Business process re-engineering (BPR) is the act of changing an organisation’s major functions with the goal of increasing efficiency, improving product quality, and/or decreasing costs. This starts with an in-depth analysis of the business’ workflows and identifying key areas that need improvement. People who do this kind of work, often referred to as BPR specialists, are hired by companies to facilitate transitions to more standardized processes.

It’s important to differentiate between this and business process improvement, which focuses on simply updating an organisation’s current processes. BPR, on the other hand, aims to make fundamental changes to the entire scope of a business’ systems. BPR professionals exist in all kinds of industries, so the specific day-to-day duties will vary from job to job. However, all BPR experts will follow these general steps:

Step 1: Identify and communicate the problem

This is a key part of growing any business. You need to figure out what issues are holding the company back and what’s causing them. For example, let’s say you’re a BPR specialist who’s hired by a cereal company, with the main goal of increasing its revenue.

The company’s production process starts at a farm, where grain is harvested and then shipped to a factory, at which point it is mixed with other ingredients and turned into the final product.

While analysing this process, you notice a logistical problem: Over 20% of the grain is lost during the truck ride from the farm to the factory. By fixing this problem, your employer can increase its product output substantially. As the BPR specialist, it’s your job to communicate this problem to executives and detail the benefits of resolving it.

Step 2: Build a team

Now that you know what the problem is, you’ll need a team of experts to help you come up with a solution.

The senior manager will supervise your BPR project and make sure you have the necessary resources to get the job done. It’s important that a senior-level employee supervises the project, since they may have the power to do things that you don’t, such as approving large budgets.

The operational manager will provide the in-depth expertise when it comes to the process you’re reengineering. Continuing with the example from earlier, this could be whoever’s in charge of the grain transportation portion of the process. Their understanding of the specifics, such as how the grain is loaded and which routes the trucks take, will play an important part in coming up with a solution.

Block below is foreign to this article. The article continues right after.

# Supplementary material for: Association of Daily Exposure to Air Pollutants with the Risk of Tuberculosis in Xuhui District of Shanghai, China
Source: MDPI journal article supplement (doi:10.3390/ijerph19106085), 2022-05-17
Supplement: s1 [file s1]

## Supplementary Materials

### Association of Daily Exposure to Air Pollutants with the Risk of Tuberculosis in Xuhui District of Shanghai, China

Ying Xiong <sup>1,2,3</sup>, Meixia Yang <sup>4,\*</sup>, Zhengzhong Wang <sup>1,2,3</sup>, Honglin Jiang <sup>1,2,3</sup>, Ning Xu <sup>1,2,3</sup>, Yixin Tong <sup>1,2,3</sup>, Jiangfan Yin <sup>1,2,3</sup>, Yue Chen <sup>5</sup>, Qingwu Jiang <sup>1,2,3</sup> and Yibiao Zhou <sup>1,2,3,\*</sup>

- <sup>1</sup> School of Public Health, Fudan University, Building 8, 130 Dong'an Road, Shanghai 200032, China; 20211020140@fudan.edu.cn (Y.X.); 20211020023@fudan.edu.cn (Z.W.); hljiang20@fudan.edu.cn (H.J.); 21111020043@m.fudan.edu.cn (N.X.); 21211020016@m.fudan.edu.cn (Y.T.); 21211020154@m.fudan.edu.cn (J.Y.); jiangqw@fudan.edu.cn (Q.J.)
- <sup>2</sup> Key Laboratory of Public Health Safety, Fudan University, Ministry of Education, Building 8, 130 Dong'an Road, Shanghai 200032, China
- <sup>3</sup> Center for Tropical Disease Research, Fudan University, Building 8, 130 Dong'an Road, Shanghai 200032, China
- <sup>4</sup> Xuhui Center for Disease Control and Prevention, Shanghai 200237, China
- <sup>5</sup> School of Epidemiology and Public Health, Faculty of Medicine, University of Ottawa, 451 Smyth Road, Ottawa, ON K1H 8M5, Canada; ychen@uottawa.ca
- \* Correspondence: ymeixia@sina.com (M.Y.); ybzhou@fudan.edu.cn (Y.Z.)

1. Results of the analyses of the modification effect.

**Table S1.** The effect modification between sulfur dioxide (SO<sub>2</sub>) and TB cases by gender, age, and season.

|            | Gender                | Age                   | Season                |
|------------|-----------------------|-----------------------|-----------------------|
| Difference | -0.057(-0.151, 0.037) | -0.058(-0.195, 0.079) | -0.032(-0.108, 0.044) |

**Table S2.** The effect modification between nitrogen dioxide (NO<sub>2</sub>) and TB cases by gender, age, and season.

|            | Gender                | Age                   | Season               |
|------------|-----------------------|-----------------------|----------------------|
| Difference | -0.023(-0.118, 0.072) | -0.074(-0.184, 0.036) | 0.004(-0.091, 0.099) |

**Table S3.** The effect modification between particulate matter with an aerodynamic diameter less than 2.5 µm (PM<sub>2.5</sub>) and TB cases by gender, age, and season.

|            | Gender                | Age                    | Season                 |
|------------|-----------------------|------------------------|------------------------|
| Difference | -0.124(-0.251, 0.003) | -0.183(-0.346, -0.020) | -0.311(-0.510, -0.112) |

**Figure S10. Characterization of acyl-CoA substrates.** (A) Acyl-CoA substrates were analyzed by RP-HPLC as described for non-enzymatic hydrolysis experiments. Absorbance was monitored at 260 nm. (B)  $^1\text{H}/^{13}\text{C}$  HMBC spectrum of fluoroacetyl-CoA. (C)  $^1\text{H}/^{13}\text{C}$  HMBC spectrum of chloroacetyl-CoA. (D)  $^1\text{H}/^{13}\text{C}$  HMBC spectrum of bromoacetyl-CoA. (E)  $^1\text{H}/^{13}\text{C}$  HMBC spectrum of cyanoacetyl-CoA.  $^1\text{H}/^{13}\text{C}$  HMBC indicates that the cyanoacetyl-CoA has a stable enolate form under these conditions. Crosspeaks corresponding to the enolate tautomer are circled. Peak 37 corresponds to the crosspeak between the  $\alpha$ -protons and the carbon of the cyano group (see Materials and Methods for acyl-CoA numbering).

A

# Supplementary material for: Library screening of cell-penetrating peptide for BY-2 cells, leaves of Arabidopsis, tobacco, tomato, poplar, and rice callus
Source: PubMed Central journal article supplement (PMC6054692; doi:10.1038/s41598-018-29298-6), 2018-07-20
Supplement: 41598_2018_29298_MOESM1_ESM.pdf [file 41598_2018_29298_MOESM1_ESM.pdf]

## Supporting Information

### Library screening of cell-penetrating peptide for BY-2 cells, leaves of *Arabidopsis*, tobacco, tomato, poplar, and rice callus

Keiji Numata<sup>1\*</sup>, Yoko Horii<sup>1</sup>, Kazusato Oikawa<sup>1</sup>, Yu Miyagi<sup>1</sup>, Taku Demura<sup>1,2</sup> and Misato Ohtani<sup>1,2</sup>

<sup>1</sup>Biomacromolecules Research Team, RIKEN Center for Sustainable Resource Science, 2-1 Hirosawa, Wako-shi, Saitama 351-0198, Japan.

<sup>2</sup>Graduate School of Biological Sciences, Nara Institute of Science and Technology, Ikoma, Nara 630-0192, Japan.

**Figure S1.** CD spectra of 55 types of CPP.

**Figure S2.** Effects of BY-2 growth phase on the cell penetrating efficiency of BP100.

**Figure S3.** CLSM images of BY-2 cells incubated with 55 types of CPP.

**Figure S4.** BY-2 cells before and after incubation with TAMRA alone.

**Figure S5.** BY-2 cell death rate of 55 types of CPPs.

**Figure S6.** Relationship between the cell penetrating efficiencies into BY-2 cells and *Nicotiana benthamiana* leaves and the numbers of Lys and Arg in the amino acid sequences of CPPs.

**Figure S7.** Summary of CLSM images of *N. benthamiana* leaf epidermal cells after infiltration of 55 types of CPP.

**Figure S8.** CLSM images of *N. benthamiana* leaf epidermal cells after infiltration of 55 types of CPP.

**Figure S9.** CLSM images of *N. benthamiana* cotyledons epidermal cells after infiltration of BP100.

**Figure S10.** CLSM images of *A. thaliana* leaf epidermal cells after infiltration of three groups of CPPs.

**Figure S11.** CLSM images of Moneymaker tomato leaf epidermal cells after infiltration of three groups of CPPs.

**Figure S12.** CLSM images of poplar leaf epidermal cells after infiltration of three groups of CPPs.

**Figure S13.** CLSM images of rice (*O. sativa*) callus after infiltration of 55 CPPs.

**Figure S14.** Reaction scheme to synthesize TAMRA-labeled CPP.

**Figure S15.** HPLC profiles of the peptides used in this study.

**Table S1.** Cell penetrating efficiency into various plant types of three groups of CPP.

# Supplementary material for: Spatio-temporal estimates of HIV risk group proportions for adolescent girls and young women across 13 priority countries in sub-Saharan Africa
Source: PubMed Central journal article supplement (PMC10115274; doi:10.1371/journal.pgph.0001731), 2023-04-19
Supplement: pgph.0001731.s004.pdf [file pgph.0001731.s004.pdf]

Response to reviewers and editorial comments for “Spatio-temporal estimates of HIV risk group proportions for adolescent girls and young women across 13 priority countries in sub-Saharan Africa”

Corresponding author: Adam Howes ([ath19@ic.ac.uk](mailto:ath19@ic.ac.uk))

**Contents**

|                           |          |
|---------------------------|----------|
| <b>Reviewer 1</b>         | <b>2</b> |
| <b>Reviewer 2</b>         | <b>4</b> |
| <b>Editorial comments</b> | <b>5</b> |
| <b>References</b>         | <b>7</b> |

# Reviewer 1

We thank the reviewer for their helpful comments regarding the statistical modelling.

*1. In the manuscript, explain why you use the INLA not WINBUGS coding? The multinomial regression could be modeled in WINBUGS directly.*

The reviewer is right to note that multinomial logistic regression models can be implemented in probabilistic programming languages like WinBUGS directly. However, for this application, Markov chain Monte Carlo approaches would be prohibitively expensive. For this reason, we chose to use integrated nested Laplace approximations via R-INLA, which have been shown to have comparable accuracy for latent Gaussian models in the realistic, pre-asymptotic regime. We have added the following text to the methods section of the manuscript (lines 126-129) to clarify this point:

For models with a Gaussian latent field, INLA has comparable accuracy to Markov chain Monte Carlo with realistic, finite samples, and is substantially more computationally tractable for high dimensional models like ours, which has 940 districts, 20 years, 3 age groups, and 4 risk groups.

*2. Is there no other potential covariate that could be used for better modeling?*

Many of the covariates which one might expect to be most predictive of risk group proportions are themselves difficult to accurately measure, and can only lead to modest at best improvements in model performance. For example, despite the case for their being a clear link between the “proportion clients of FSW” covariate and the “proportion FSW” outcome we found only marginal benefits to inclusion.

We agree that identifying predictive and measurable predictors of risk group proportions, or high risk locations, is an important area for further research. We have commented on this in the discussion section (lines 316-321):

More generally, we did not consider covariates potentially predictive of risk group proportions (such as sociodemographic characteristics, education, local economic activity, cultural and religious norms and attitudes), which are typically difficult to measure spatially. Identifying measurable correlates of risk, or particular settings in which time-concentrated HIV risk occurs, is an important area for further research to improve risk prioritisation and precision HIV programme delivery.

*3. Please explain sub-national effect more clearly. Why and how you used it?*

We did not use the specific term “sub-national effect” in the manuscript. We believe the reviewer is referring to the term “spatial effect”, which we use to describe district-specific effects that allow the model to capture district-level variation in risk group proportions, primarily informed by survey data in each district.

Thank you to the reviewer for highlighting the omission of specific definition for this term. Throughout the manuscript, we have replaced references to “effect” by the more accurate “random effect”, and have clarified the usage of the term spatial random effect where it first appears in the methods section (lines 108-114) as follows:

Additional BPR experts might be necessary as well, depending on the scope of the project.

Step 3: Identify the inefficient process and define key performance indicators

Perhaps you discover that the reason why the trucks are losing so much grain during transport is because the road between the farm and the factory is too long and bumpy. Now, you can set up specific key performance indicators (KPIs) for your team based on that part of the process. A KPI is a type of performance measurement used to help achieve business goals.

In this case, the KPI could be cycle time, or the amount of time from the beginning to the end of the production process. If you can cut down cycle time, you can save some grain and increase the company’s output.

At this point, you’ll start developing different solutions, organizing them into process flowcharts, reviewing them with your team, and acknowledging the pros and cons of each one (paying extra attention to any new expenses that will be incurred).

Step 4: Re-engineer the process

Finally, it’s time to implement your solution. How are you going to cut down cycle time? What’s the most efficient way to get the grain from the farm to the factory? Will you upgrade to faster trucks and/or try to fix the road?

In the real-life scenario that this example is based on, the BPR reduced cycle time by cutting trucks out of the process entirely. They built a new factory directly next to the farm, so no grain was lost between harvesting and factory production.